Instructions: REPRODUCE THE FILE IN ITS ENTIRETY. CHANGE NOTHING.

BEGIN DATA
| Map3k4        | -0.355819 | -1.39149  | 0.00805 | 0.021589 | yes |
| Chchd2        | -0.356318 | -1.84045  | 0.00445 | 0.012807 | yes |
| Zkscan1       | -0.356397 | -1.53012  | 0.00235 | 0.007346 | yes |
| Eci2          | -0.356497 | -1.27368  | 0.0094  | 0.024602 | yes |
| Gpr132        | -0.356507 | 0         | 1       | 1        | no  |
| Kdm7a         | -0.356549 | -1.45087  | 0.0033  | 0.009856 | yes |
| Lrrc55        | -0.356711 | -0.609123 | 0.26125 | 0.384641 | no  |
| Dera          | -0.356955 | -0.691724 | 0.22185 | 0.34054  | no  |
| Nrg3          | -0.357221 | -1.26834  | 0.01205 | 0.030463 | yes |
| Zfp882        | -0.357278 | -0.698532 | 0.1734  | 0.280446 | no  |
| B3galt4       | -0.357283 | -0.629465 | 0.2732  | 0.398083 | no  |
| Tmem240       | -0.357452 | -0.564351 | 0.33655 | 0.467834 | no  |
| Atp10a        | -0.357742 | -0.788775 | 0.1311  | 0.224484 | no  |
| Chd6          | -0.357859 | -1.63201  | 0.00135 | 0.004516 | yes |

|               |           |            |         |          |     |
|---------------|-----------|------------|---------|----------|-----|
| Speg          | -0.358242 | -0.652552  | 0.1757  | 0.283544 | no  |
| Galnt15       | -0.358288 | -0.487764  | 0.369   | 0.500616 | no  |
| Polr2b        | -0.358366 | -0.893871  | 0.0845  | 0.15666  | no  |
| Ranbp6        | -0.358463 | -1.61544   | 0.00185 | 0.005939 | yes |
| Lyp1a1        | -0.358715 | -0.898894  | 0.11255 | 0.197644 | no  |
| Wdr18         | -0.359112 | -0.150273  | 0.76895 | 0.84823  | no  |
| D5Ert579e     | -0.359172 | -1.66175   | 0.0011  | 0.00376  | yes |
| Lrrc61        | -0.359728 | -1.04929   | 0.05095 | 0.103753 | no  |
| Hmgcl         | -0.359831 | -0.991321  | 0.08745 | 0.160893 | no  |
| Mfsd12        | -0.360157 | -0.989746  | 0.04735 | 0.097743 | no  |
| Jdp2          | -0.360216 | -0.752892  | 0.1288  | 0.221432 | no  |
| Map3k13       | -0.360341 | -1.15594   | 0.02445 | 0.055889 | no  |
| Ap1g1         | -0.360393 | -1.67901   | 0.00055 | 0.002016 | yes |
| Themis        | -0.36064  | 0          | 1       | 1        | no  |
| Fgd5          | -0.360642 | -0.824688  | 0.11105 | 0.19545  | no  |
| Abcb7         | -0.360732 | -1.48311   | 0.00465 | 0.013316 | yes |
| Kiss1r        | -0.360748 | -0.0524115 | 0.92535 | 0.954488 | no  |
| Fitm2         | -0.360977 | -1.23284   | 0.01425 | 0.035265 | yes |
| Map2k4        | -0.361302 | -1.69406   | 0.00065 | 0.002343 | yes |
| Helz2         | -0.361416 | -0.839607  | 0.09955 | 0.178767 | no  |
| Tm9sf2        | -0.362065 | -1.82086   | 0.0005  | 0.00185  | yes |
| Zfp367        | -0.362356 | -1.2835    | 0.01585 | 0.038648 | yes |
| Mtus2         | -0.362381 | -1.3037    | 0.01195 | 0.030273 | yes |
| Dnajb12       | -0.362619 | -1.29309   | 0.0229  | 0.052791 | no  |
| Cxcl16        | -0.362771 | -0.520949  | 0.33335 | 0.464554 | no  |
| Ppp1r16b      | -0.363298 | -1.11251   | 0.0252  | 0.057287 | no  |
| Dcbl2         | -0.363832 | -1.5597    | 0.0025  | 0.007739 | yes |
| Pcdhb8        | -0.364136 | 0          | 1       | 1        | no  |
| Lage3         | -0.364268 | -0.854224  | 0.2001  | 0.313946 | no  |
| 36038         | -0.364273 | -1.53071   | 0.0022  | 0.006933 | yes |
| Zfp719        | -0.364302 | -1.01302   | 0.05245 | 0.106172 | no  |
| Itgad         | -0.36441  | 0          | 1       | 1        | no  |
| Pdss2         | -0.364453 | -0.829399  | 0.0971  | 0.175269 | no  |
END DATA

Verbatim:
| Map3k4        | -0.355819 | -1.39149  | 0.00805 | 0.021589 | yes |
| Chchd2        | -0.356318 | -1.84045  | 0.00445 | 0.012807 | yes |
| Zkscan1       | -0.356397 | -1.53012  | 0.00235 | 0.007346 | yes |
| Eci2          | -0.356497 | -1.27368  | 0.0094  | 0.024602 | yes |
| Gpr132        | -0.356507 | 0         | 1       | 1        | no  |
| Kdm7a         | -0.356549 | -1.45087  | 0.0033  | 0.009856 | yes |
| Lrrc55        | -0.356711 | -0.609123 | 0.26125 | 0.384641 | no  |
| Dera          | -0.356955 | -0.691724 | 0.22185 | 0.34054  | no  |
| Nrg3          | -0.357221 | -1.26834  | 0.01205 | 0.030463 | yes |
| Zfp882        | -0.357278 | -0.698532 | 0.1734  | 0.280446 | no  |
| B3galt4       | -0.357283 | -0.629465 | 0.2732  | 0.398083 | no  |
| Tmem240       | -0.357452 | -0.564351 | 0.33655 | 0.467834 | no  |
| Atp10a        | -0.357742 | -0.788775 | 0.1311  | 0.224484 | no  |
| Chd6          | -0.357859 | -1.63201  | 0.00135 | 0.004516 | yes |

|               |           |            |         |          |     |
|---------------|-----------|------------|---------|----------|-----|
| Speg          | -0.358242 | -0.652552  | 0.1757  | 0.283544 | no  |
| Galnt15       | -0.358288 | -0.487764  | 0.369   | 0.500616 | no  |
| Polr2b        | -0.358366 | -0.893871  | 0.0845  | 0.15666  | no  |
| Ranbp6        | -0.358463 | -1.61544   | 0.00185 | 0.005939 | yes |
| Lyp1a1        | -0.358715 | -0.898894  | 0.11255 | 0.197644 | no  |
| Wdr18         | -0.359112 | -0.150273  | 0.76895 | 0.84823  | no  |
| D5Ert579e     | -0.359172 | -1.66175   | 0.0011  | 0.00376  | yes |
| Lrrc61        | -0.359728 | -1.04929   | 0.05095 | 0.103753 | no  |
| Hmgcl         | -0.359831 | -0.991321  | 0.08745 | 0.160893 | no  |
| Mfsd12        | -0.360157 | -0.989746  | 0.04735 | 0.097743 | no  |
| Jdp2          | -0.360216 | -0.752892  | 0.1288  | 0.221432 | no  |
| Map3k13       | -0.360341 | -1.15594   | 0.02445 | 0.055889 | no  |
| Ap1g1         | -0.360393 | -1.67901   | 0.00055 | 0.002016 | yes |
| Themis        | -0.36064  | 0          | 1       | 1        | no  |
| Fgd5          | -0.360642 | -0.824688  | 0.11105 | 0.19545  | no  |
| Abcb7         | -0.360732 | -1.48311   | 0.00465 | 0.013316 | yes |
| Kiss1r        | -0.360748 | -0.0524115 | 0.92535 | 0.954488 | no  |
| Fitm2         | -0.360977 | -1.23284   | 0.01425 | 0.035265 | yes |
| Map2k4        | -0.361302 | -1.69406   | 0.00065 | 0.002343 | yes |
| Helz2         | -0.361416 | -0.839607  | 0.09955 | 0.178767 | no  |
| Tm9sf2        | -0.362065 | -1.82086   | 0.0005  | 0.00185  | yes |
| Zfp367        | -0.362356 | -1.2835    | 0.01585 | 0.038648 | yes |
| Mtus2         | -0.362381 | -1.3037    | 0.01195 | 0.030273 | yes |
| Dnajb12       | -0.362619 | -1.29309   | 0.0229  | 0.052791 | no  |
| Cxcl16        | -0.362771 | -0.520949  | 0.33335 | 0.464554 | no  |
| Ppp1r16b      | -0.363298 | -1.11251   | 0.0252  | 0.057287 | no  |
| Dcbl2         | -0.363832 | -1.5597    | 0.0025  | 0.007739 | yes |
| Pcdhb8        | -0.364136 | 0          | 1       | 1        | no  |
| Lage3         | -0.364268 | -0.854224  | 0.2001  | 0.313946 | no  |
| 36038         | -0.364273 | -1.53071   | 0.0022  | 0.006933 | yes |
| Zfp719        | -0.364302 | -1.01302   | 0.05245 | 0.106172 | no  |
| Itgad         | -0.36441  | 0          | 1       | 1        | no  |
| Pdss2         | -0.364453 | -0.829399  | 0.0971  | 0.175269 | no  |